Are you happy with Kartik Aryan and Mishti’s chemistry?
Kartik is star material and can share chemistry with anyone. That shows in the film. The two look like they were made for each other.

You’ve got back to direction after four years. What are your expectations from Kaanchi?
Make a film only when you want to, how long you’ve taken doesn’t matter. Kaanchi is a labour of love. I’ve given it my best.

Kaanchi, produced under the banner Mukta Arts, releases April 25.


Credits: Bombay Times, April 24th. Renuka Vyavahare,TNN

“Life for me is not portraying sex and nudity”, says Kaanchi’s lead Mishti


Mishti, yet another Bong bombshell, who is making her Bollywood debut with Subhash Ghai’s Kaanchi — The Unbreakable, is not new to the camera.
“I have done a Bengali film titled Porichey. The associate director, Arindam Ray, happens to be Subhash Ghai’s chief assistant director. He put me on to the auditions and I qualified,” says the actress. Mishti adds that Subhash Ghai, known for introducing many new faces to the industry, had kept her totally in the dark about her selection. “I had to face many tests back-to-back — screen test, look test and acting test. Karthik and I play the lead in the film, so we were also tested together. He had already been selected. But Subhashji never disclosed that I had already been selected too, as the heroine. He would say that I would be working with him as his assistant and he also made me wear thick glasses. Until the day he made the announcement officially, no one informed me that I was his heroine.”

On Subhash Ghai, the showman
Mishti says, “He guided me from A to Z. He always wants his heroines to look authentic. If she plays the character of a rural girl, you need to look like one. It is a film, it’s an art. He prepared me for the character. When I came to Mumbai, I had just passed out of college. I did not have any technical knowledge of acting. After coming here I learnt everything under his able guidance.”

A bold role
Mishti says that the bold scenes in the movie are not her at all. “In real life, I am a very simple girl. I am not a party freak. My life is all about my family, my friends, my dog and my best friend. But I am super bold if the perception of boldness is that I have to be smart. I am always ready to face life as it comes. Life for me is not portraying sex and nudity. I play the protagonist who is all for bringing in changes for the betterment of her country. I would not say it is the voice of a woman, it is a voice of the society in general.”

Future with Mukta Arts
“I have signed a bond with Mukta Arts for three films but I am allowed to do other films too in between. We are looking for good scripts and if a character suits me, I will be doing their next. But I do not know if Subhashji will direct the film or not,” she says. Talking about preparing for her role, she adds, “We did not do any workshops. His direction style is very spontaneous. He writes dialogues on the sets at times. He taught us how to act a few scenes during the shoot itself. He always explains very lovingly, with immense patience. He does not make his artistes nervous. He gave us some important tips. It is vital for an actor to have complete faith in the director. I am in love with the camera, therefore I never feel nervous,” she adds.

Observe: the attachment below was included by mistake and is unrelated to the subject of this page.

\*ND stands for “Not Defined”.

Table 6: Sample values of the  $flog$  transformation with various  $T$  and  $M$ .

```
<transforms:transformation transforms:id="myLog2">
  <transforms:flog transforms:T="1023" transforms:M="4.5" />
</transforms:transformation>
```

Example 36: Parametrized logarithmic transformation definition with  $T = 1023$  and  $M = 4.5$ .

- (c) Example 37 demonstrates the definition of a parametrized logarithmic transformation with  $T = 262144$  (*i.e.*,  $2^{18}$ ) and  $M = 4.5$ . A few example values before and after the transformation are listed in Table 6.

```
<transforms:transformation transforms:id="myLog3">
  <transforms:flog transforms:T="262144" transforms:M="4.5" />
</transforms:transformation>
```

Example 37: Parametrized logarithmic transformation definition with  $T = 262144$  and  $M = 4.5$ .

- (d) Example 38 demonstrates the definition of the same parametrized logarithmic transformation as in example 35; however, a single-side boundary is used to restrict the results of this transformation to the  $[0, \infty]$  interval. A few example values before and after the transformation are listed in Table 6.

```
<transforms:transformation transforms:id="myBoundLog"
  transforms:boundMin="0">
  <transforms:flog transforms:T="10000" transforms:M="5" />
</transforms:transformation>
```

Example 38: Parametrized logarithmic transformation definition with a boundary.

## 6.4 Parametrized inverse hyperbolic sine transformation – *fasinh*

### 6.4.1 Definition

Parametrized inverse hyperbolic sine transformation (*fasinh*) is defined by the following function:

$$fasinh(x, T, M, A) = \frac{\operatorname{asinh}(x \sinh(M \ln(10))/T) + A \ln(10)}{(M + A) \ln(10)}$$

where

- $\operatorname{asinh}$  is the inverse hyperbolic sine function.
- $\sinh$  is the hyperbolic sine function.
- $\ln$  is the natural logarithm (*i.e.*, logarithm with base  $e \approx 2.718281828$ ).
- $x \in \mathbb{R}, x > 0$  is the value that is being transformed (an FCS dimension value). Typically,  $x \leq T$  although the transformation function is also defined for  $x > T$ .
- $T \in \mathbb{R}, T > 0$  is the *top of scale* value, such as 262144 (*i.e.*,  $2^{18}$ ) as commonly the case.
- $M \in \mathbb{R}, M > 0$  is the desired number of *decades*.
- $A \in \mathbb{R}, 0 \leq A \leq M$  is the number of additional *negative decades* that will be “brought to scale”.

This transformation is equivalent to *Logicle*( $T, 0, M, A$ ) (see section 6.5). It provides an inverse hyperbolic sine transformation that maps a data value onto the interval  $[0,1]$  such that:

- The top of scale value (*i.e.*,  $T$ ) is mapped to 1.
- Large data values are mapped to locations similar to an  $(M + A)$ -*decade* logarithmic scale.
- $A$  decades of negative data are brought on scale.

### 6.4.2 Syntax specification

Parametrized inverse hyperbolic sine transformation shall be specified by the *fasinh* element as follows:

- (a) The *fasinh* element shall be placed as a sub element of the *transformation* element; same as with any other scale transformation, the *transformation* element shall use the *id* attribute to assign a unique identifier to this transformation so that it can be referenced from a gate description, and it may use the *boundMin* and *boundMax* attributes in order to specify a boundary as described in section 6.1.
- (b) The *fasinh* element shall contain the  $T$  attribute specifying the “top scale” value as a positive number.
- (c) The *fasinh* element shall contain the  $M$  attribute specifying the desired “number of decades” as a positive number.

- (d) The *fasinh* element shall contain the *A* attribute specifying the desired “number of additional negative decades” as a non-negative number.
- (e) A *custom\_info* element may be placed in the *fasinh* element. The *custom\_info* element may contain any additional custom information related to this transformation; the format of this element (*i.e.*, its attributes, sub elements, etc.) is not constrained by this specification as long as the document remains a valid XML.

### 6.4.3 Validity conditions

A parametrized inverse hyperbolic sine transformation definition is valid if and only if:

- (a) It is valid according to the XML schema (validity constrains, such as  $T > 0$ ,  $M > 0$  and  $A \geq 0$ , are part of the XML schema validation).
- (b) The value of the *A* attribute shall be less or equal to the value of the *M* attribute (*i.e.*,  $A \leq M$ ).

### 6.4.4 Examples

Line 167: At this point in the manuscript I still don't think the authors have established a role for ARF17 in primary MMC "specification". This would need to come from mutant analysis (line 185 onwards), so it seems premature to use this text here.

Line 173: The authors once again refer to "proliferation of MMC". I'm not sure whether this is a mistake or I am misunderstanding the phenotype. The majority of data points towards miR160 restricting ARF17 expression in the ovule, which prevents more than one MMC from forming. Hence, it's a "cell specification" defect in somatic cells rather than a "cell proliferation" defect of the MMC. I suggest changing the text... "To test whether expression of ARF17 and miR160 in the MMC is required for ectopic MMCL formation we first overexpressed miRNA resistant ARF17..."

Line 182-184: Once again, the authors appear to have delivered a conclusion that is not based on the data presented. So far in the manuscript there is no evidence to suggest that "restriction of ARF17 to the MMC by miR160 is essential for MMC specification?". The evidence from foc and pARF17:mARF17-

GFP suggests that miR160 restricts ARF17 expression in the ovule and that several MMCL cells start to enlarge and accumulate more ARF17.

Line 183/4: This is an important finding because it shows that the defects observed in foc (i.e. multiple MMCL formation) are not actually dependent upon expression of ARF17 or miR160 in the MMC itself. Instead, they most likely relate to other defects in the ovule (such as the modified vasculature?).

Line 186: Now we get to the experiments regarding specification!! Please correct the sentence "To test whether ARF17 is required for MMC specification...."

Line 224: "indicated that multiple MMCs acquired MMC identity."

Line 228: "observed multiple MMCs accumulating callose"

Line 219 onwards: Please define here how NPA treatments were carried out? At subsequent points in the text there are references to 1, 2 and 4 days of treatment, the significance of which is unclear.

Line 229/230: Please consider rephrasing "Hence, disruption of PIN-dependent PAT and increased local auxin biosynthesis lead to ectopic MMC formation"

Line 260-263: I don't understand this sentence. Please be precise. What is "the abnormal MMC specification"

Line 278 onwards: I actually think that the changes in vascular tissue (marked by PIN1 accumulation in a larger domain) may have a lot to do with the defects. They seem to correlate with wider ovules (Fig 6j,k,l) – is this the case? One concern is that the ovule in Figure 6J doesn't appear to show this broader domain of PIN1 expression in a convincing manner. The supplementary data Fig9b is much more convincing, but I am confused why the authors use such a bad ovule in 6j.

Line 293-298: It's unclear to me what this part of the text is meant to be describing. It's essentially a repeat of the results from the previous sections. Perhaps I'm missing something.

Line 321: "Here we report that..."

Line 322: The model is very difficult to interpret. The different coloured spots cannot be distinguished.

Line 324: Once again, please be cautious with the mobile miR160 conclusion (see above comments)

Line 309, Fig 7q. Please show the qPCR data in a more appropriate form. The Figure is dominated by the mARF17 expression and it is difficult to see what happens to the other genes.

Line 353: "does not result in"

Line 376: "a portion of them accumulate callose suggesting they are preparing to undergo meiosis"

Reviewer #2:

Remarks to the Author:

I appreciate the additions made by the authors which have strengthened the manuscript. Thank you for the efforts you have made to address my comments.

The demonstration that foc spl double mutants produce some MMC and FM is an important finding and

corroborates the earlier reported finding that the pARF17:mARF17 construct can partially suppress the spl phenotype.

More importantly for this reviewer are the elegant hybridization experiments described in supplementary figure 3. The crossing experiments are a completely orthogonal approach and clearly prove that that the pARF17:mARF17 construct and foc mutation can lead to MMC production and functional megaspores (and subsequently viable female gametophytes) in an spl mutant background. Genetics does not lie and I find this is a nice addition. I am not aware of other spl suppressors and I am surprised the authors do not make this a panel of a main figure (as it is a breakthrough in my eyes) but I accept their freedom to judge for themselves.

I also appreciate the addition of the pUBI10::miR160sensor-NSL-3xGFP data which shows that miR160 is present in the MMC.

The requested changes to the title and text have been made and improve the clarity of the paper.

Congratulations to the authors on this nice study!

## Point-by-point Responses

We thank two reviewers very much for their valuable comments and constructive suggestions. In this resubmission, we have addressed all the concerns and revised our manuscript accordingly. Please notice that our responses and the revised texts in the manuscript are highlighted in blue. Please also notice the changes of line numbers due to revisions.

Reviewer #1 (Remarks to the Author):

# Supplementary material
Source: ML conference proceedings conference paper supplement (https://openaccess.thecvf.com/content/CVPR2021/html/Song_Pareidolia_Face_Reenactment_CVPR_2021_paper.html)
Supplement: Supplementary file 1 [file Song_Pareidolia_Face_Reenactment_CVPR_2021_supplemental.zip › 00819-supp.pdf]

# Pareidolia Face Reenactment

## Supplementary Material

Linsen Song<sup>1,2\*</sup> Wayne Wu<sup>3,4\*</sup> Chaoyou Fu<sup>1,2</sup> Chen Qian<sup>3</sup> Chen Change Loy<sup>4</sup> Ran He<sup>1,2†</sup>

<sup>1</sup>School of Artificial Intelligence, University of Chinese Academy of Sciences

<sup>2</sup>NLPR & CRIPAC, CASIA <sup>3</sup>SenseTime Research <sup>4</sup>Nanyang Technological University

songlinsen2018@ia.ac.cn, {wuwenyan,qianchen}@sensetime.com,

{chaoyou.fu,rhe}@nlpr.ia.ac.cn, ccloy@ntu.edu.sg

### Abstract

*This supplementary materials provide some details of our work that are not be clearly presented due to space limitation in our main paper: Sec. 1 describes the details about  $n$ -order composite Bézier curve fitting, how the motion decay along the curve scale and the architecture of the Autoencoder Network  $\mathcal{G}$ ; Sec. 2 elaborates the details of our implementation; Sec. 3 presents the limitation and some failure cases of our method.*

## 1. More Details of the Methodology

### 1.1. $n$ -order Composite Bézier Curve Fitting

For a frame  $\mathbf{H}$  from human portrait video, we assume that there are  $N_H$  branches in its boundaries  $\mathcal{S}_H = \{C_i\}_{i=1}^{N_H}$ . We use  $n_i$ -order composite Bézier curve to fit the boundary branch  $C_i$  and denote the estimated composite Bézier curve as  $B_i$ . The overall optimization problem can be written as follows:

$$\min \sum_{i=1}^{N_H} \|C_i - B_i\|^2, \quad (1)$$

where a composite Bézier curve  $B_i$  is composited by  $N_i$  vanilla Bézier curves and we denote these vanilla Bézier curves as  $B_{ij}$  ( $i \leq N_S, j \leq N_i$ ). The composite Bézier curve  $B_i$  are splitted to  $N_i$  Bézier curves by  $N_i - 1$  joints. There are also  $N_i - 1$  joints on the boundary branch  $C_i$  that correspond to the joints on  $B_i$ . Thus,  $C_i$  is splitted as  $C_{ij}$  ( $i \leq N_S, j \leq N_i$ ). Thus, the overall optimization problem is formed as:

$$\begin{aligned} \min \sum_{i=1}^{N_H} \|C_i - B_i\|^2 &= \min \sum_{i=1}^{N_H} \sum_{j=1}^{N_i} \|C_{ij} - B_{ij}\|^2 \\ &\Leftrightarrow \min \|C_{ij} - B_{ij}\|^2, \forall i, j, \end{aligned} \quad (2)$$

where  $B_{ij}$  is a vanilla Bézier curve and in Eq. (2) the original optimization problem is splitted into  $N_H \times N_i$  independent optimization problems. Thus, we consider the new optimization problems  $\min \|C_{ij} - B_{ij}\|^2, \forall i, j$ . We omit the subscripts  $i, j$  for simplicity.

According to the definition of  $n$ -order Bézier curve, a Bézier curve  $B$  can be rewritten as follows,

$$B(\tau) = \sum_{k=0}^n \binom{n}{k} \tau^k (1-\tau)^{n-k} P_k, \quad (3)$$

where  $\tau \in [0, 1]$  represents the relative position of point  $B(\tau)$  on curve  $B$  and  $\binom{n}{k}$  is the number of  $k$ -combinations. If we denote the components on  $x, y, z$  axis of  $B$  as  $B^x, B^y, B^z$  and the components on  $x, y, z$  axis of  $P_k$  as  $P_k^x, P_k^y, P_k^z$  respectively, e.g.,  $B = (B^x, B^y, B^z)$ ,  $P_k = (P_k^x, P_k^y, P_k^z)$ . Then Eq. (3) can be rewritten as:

On Love
“Love is a special feeling. Being a professional does not mean that I cannot fall in love. Love will happen when it has to. We do not do fall in love intentionally,” she says.


Credit: Deccan Chronicle- Lipika Varma (April 22nd) 


Kaanchi releases on Friday, April 25th!

Mukta Arts film ‘Samhita’ releasing on October 4th all across Maharashtra

Mukta Arts’ latest Marathi film ‘Samhita’, directed by the award winning duo of Sumitra Bhave and Sunil Sukthankar will release across Maharashtra on October 4th 2013.

‘Samhita’ has bagged not one but TWO NATIONAL AWARDS this year to Shailendra Barve for Best Music Direction and to Aarti Tikekar for Best Female Play Back Singer. “SAMHITA” also received standing ovation when it was screened at MAMI film festival in Mumbai and IFFK in Cochin.

The film is about an ailing producer who wants his wife to produce a film on his favorite story. The film stars Milind Soman, Rajeshwari Sachdev and Uttara Baokar.

Memorable characters in Subhash Ghai films

Subhash Ghai has a tradition of building memorable characters on screen, from Ajit in Kalicharan to Anupam Kher in Karma to Simi Garewal in Karz. This stems from one of the core beliefs of Subhash Ghai, which is every character is important and no role is big or small.

One of the main reasons for the success of the characters in Subhash Ghai films is the excellent casting. “Saara shehar mujhe Lion ke naam se jaanta hai” is a line that one cannot imagine coming anyone else but Ajit . “Is thappad ki goonj suni tumne?” has been immortalized by Anupam Kher and has been repeated every time there has been a slap. Gulshan Grover who was an upcoming actor saw his career’s breakthrough performance as Kesariya Vilayati in Ram Lakhan and came to be known as the “Bad Man” in Bollywood after his lines from the film.

Ghai’s latest film Kaanchi sees Mithun Chakraborty and Rishi Kapoor in pivotal roles and Ghai is back after a hiatus of four years. Ghai says, “Magic is created by two things, the characters written in the script and the characters played by the actors. And I only work with people I have a rapport with.”